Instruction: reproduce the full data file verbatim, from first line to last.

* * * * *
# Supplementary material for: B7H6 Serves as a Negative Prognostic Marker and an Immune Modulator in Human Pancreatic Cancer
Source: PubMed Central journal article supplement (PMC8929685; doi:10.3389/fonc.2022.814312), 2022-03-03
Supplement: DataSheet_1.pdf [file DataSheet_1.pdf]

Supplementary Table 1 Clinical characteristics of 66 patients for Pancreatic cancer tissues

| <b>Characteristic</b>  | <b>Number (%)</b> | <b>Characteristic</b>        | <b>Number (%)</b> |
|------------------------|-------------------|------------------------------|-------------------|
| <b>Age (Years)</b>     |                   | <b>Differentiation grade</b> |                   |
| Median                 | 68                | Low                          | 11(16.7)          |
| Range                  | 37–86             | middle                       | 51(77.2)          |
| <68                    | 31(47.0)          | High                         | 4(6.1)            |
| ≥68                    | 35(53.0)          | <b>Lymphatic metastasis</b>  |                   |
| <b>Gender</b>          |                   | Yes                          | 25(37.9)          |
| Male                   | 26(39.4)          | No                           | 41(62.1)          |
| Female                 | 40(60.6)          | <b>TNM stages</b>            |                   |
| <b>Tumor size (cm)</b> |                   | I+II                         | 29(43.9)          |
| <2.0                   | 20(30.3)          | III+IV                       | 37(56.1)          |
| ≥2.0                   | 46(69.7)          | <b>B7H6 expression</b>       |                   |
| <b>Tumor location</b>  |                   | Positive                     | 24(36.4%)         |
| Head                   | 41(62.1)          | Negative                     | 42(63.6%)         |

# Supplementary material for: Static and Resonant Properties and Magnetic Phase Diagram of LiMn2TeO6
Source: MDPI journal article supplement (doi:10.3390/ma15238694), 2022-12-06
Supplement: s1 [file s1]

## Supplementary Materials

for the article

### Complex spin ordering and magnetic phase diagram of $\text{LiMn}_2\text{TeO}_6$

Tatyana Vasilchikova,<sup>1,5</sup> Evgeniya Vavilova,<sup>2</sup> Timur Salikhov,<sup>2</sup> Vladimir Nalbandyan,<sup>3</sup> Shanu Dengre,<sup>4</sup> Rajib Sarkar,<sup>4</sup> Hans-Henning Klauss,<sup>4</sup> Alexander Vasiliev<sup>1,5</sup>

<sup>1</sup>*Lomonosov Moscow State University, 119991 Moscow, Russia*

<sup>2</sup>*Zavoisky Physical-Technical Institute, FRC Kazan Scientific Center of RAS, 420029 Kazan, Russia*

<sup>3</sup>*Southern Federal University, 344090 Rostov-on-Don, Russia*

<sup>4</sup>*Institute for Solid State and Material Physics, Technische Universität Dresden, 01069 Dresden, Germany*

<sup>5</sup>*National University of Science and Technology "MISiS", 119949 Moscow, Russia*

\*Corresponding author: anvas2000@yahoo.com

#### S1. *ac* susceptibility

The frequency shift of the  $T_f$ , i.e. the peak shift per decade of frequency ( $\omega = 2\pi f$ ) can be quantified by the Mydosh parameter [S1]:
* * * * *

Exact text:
# Supplementary material for: B7H6 Serves as a Negative Prognostic Marker and an Immune Modulator in Human Pancreatic Cancer
Source: PubMed Central journal article supplement (PMC8929685; doi:10.3389/fonc.2022.814312), 2022-03-03
Supplement: DataSheet_1.pdf [file DataSheet_1.pdf]

Supplementary Table 1 Clinical characteristics of 66 patients for Pancreatic cancer tissues

| <b>Characteristic</b>  | <b>Number (%)</b> | <b>Characteristic</b>        | <b>Number (%)</b> |
|------------------------|-------------------|------------------------------|-------------------|
| <b>Age (Years)</b>     |                   | <b>Differentiation grade</b> |                   |
| Median                 | 68                | Low                          | 11(16.7)          |
| Range                  | 37–86             | middle                       | 51(77.2)          |
| <68                    | 31(47.0)          | High                         | 4(6.1)            |
| ≥68                    | 35(53.0)          | <b>Lymphatic metastasis</b>  |                   |
| <b>Gender</b>          |                   | Yes                          | 25(37.9)          |
| Male                   | 26(39.4)          | No                           | 41(62.1)          |
| Female                 | 40(60.6)          | <b>TNM stages</b>            |                   |
| <b>Tumor size (cm)</b> |                   | I+II                         | 29(43.9)          |
| <2.0                   | 20(30.3)          | III+IV                       | 37(56.1)          |
| ≥2.0                   | 46(69.7)          | <b>B7H6 expression</b>       |                   |
| <b>Tumor location</b>  |                   | Positive                     | 24(36.4%)         |
| Head                   | 41(62.1)          | Negative                     | 42(63.6%)         |

# Supplementary material for: Static and Resonant Properties and Magnetic Phase Diagram of LiMn2TeO6
Source: MDPI journal article supplement (doi:10.3390/ma15238694), 2022-12-06
Supplement: s1 [file s1]

## Supplementary Materials

for the article

### Complex spin ordering and magnetic phase diagram of $\text{LiMn}_2\text{TeO}_6$

Tatyana Vasilchikova,<sup>1,5</sup> Evgeniya Vavilova,<sup>2</sup> Timur Salikhov,<sup>2</sup> Vladimir Nalbandyan,<sup>3</sup> Shanu Dengre,<sup>4</sup> Rajib Sarkar,<sup>4</sup> Hans-Henning Klauss,<sup>4</sup> Alexander Vasiliev<sup>1,5</sup>

<sup>1</sup>*Lomonosov Moscow State University, 119991 Moscow, Russia*

<sup>2</sup>*Zavoisky Physical-Technical Institute, FRC Kazan Scientific Center of RAS, 420029 Kazan, Russia*

<sup>3</sup>*Southern Federal University, 344090 Rostov-on-Don, Russia*

<sup>4</sup>*Institute for Solid State and Material Physics, Technische Universität Dresden, 01069 Dresden, Germany*

<sup>5</sup>*National University of Science and Technology "MISiS", 119949 Moscow, Russia*

\*Corresponding author: anvas2000@yahoo.com

#### S1. *ac* susceptibility

The frequency shift of the  $T_f$ , i.e. the peak shift per decade of frequency ( $\omega = 2\pi f$ ) can be quantified by the Mydosh parameter [S1]: